How to make this Christmas more meaningful

This quote from the Dalai Lama is especially appropriate for this time of the year. Christmas, whether you are religious or not is meant to be a time for family and friends. It's supposed to be the one time of the year that we get to just be with those we love and care about. Yet statistics show that many of us find the festive season a struggle. I certainly feel stressed trying to think of something original to buy my family and friends.



We have bigger houses, but smaller families; more conveniences, but less time. We have more degrees, but less sense; more knowledge but less judgements; more experts, but more problems; more medicines, but less healthiness.

We've been all the way to the moon and back but have trouble crossing the street to meet the new neighbour.

We build more computers to hold more information to produce more copies than ever but less communication.

We have become long on quantity, but short on quality.

These are times of fast foods but slow digestion;

Tall man but short character;

Steep profits but shallow relationships.

It is a time when there is much in the window but nothing in the room

Remember what it used to be like

I know it's not very mindful to focus on the past but in this instance, it could be helpful to remember what Christmas used to be like. Remembering what it was like before we allowed technology take over. Before the constant distraction of our mobile phones and repeated beeping of social media notifications. 

What would happen if we just spent a few hours or a whole day with our mobile phones on silent? What if we stopped looking down at the screen and looked up at our loved ones? What would we notice if we actually paid attention?

Mindfulness is a love affair with life. You see the beauty in everybody and in everything - Jon Kabat-Zinn

Staying in the Moment

We spend so much time in preparation for the "big day" that we are future focusing, missing the moments in between. We are stressed about the Christmas meal, the presents, the plans for the day and then when the day comes we are too exhausted to enjoy it. 

If the traditions and rituals of Christmas do not mean anything to you, there is still the opportunity to make this time of the year meaningful. This is still an opportunity to really just let go of the craziness of everyday life and take time out to be, to stop doing and just be present.

Remembering to enjoy the little things like wrapping up presents, putting up decorations or maybe just having the time to reflect on life.

Managing Our Expectations

I guess the biggest challenge is how to manage our expectations. We build up a picture of how we want our Christmas to be and what we would love to give or receive from our loved one's, often this very anticipation creates a sense of "let down" or disappointment. And after so much planning, how do we cope with the come down after it's all over?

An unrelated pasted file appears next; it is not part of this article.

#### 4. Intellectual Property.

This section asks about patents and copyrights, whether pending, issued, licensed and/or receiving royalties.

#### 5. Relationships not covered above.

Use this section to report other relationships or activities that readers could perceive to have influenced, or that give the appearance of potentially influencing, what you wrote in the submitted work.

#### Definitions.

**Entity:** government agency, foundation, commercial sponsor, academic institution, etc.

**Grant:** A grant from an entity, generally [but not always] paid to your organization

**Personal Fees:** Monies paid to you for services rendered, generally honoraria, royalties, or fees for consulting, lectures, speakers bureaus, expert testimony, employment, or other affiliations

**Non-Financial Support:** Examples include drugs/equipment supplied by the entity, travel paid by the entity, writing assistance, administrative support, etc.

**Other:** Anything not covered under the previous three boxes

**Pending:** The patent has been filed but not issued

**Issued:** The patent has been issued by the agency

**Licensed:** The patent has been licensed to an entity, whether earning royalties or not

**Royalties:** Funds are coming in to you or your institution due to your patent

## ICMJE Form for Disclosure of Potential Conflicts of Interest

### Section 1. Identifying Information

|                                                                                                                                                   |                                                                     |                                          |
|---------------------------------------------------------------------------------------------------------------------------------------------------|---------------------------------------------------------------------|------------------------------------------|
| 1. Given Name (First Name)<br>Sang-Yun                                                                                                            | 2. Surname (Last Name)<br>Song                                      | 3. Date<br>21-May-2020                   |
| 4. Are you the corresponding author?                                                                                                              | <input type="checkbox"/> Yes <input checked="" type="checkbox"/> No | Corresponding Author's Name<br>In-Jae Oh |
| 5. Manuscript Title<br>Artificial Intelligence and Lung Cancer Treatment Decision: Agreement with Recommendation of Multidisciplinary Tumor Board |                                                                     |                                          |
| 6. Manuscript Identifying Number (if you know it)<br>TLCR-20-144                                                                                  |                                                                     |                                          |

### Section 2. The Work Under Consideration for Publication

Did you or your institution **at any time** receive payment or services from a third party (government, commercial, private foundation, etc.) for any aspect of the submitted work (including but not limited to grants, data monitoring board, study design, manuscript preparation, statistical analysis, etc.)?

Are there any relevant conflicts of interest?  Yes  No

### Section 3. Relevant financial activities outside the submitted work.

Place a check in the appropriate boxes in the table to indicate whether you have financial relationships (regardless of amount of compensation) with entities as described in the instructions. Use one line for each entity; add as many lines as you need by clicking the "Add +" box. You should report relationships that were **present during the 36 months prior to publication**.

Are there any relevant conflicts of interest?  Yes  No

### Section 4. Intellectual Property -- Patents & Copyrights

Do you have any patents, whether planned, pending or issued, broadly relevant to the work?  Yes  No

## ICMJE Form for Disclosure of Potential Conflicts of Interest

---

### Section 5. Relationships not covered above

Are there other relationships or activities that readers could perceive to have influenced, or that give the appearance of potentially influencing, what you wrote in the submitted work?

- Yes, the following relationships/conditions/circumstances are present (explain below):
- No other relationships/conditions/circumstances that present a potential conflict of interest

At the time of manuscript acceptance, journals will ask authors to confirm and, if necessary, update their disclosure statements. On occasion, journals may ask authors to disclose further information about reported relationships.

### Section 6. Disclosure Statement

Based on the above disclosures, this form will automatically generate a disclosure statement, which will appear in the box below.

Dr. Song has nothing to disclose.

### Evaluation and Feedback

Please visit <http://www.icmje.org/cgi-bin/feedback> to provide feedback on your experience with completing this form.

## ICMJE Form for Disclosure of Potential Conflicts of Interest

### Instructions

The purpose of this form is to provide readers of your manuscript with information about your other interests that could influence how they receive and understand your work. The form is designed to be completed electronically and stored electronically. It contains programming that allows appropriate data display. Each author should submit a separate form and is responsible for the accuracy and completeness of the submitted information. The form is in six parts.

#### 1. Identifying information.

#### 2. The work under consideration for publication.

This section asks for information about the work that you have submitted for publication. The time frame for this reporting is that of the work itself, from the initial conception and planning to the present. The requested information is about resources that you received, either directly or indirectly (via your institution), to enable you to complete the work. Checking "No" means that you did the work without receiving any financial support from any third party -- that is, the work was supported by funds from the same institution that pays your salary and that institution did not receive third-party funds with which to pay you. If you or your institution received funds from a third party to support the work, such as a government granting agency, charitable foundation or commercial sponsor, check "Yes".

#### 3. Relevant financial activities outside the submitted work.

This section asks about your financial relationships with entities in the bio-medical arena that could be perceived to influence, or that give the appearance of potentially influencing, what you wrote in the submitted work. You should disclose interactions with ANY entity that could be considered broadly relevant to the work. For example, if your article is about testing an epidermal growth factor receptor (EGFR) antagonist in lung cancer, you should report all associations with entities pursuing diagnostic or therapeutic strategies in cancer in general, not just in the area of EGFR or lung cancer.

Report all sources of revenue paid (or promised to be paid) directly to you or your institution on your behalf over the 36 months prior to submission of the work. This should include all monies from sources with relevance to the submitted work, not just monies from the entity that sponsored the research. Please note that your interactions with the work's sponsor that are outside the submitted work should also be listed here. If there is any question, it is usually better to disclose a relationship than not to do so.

We have to learn how to manage the emotions that arise after Christmas. It's no coincidence that depression, divorce and stress spike in January. 

If you don't get what you want for Christmas, if you couldn't buy your children the biggest and best present possible, if the food wasn't as fantastic as you dreamed it would be, if your partner buys you a present that you don't like, can you let it go or will you carry it forward? 

Can we just accept a gift without judgement? Can we give a gift without expectation? 

Mindfulness Tips for the festive season:

  • Pay attention to your thoughts and catch them before you react
  • Every morning sit for a few moments and ask yourself this questions "What is the meaning of Christmas to me?" - see what comes up and how you feel. This will help you to remember what is important to you rather than getting lost in all the busyness and craziness.
  • Notice what triggers your negative feelings and thoughts. When you begin to notice, you can do something about it before you get lost in them.
  • Remember to be grateful for the things and people in your life. Gratitude is a powerful attitude.
  • Plan family and friend activities, things you can do together. And maybe dare to go technology free for a while.
  • And make sure you get fresh air, get out even if it's just for a while. A little freshair can make all the difference.
Don't sweat the small stuff - it's all small stuff! - Richard Carlson

Remember that having time to be with our family and friends is enough. We don't get meaning from things, so perhaps this year have the courage to do it a little differently. 


Mindfulness is not a quick fix

I’ve had a few interesting conversations recently about mindfulness. Some people are comparing mindfulness to the multi billion dollar self improvement industry which is a misinterpretation of mindfulness.

Mindfulness is not a quick fix.

Mindfulness is a practice that dates back centuries, it has the backing of some of the most prestigious universities in the world and has scientific evidence to prove it’s effectiveness on mental health and well being.

To become a mindfulness practitioner, to fully embody mindfulness takes hard internal work, it does not happen over night. Mindfulness does not pretend to mend you, it teaches self acceptance, self compassion and far more than I can cover in this short space.